These postures may seem respectful and prudent, but they are done at the expense of actually imbibing the life of God as wisdom into our very beings. We are not divine as Christ himself was, but we can become wise and the goal of transformation is wisdom, not obedience or distant worship of a great and glorious being. Obedience is an aspect of our response to God, but it should evolve into self-discipline, wisdom and human flourishing.
In these stories of DD, many times it is the woman in the relationship who wants to be disciplined by their husbands, and at times, is the initiator of this approach to the marriage. Why would that be the case? Well, for Christians, we can actually stave off the constant sense we feel of God’s absence when we can, in its place, sense God’s fearful and wrathful punishment. Something is better than nothing right?
I think we all, to one degree or another, experience a desire for external reinforcement. We want someone else to achieve for us what we need to achieve ourselves, regardless of its demeaning effect upon us. Just think of the many individuals who join the armed forces for this very reason. This isn’t to suggest that serving in the military is immature, but one of the many reasons people join is to get some “discipline” into their lives – that they can’t get themselves. It’s also why so many find it difficult to leave military careers, along with those who don’t ever leave university, the umbrella of their parents’ home, immature coping mechanisms, regaling high school sports achievements, etc.
Left to ourselves at times, growing up can make us feel a little lost…or a lot lost. There’s nothing wrong with external motivation and discipline, but when it becomes the primary way we relate to the world and to God, our development is arrested. We become self-infantilized.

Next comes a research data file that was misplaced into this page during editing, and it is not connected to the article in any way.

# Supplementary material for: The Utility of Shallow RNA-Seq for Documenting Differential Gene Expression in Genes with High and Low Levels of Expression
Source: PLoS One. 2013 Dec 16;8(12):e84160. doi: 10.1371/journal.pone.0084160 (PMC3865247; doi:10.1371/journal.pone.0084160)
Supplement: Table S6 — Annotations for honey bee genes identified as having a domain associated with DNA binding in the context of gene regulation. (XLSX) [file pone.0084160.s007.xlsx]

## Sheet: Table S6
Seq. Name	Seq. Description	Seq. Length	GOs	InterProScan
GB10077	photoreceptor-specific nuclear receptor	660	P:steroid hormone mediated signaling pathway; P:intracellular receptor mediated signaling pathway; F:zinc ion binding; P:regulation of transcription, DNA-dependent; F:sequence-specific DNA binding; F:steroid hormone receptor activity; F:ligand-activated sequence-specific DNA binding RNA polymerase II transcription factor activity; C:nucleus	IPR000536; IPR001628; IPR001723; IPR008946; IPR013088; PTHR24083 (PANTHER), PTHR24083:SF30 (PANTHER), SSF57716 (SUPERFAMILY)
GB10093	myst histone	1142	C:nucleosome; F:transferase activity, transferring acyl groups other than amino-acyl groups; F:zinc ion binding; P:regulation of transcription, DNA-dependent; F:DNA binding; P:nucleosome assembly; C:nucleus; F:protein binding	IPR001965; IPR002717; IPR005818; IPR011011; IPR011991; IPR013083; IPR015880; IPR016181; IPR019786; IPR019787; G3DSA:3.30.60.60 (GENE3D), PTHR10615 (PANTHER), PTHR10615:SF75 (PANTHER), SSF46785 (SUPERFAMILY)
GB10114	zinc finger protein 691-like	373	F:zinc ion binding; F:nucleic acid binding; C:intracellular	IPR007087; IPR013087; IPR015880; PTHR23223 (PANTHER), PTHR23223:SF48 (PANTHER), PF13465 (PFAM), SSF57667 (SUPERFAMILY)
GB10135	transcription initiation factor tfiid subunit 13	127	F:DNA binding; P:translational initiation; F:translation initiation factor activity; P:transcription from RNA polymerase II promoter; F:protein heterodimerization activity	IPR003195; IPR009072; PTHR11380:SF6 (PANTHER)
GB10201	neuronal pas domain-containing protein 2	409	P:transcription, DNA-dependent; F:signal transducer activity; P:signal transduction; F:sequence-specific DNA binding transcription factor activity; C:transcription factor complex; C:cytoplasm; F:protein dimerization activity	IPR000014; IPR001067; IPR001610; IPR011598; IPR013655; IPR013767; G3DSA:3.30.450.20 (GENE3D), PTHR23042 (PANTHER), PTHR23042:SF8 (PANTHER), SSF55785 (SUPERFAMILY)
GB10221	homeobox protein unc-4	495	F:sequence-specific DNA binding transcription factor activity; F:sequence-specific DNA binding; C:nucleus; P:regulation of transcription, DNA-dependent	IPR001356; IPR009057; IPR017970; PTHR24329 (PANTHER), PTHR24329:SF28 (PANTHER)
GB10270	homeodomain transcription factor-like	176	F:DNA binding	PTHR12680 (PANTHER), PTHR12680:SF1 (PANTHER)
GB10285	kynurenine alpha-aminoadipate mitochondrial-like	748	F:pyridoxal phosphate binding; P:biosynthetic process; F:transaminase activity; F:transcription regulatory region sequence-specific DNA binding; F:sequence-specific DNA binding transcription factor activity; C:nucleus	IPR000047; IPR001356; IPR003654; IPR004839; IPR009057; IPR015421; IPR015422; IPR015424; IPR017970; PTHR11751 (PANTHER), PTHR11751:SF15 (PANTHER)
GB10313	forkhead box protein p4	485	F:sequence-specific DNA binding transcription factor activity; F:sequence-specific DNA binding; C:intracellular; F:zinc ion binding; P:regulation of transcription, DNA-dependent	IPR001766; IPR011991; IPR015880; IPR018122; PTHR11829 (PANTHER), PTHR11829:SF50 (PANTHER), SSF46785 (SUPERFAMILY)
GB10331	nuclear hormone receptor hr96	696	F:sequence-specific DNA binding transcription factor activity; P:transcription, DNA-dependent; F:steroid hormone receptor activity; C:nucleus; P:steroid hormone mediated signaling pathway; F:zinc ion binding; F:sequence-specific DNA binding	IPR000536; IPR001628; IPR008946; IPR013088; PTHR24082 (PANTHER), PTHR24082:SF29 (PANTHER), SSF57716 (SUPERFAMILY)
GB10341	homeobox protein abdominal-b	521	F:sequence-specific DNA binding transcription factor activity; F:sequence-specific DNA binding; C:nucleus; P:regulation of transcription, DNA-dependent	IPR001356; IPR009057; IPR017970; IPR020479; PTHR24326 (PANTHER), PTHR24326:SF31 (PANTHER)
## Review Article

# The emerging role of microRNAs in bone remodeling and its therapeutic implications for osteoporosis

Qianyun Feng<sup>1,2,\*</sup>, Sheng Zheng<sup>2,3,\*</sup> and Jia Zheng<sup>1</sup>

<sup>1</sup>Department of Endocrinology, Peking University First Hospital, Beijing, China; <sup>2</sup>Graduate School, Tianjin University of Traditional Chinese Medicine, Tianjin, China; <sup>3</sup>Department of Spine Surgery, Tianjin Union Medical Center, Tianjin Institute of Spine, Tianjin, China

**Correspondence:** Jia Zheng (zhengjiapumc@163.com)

So what to do? The goal of the human experience is to mature into wisdom and to imbibe the life of God into every part of our existence. Our unique contribution to the world, though marked by us, is also undoubtedly marked by the character of God as he moves in us – and when the two become indistinguishable, we’ve matured. Eventually, what we want and what God wants does become one, and hopefully, no one can tell the difference.
In this outcome, external discipline evolves into an internal harmony with God and we move with the grain of his good universe. Sadly, the problem persists – as the “bride of Christ,” we maintain a fascination with infantilism and need, rather, like, a good spanking once in awhile. We can be as brainwashed in our theology as these wives are in their marriages.
So, before we castigate these marriages for choosing to practice Domestic Discipline, what kind of relationship are we expecting others and ourselves to experience with God and Christ? Could it be that we also are seeking a Domestic Discipline approach to our understanding of who God is and how the Trinity relates to us? Could it be that our theology is marked by punishment because we want it, rather than God wanting it? Sadly, I think the answer is yes more often than not. And while there may be only thousands practicing DD in their homes, it may be that there are hundreds of thousands, or more, practicing it in their churches.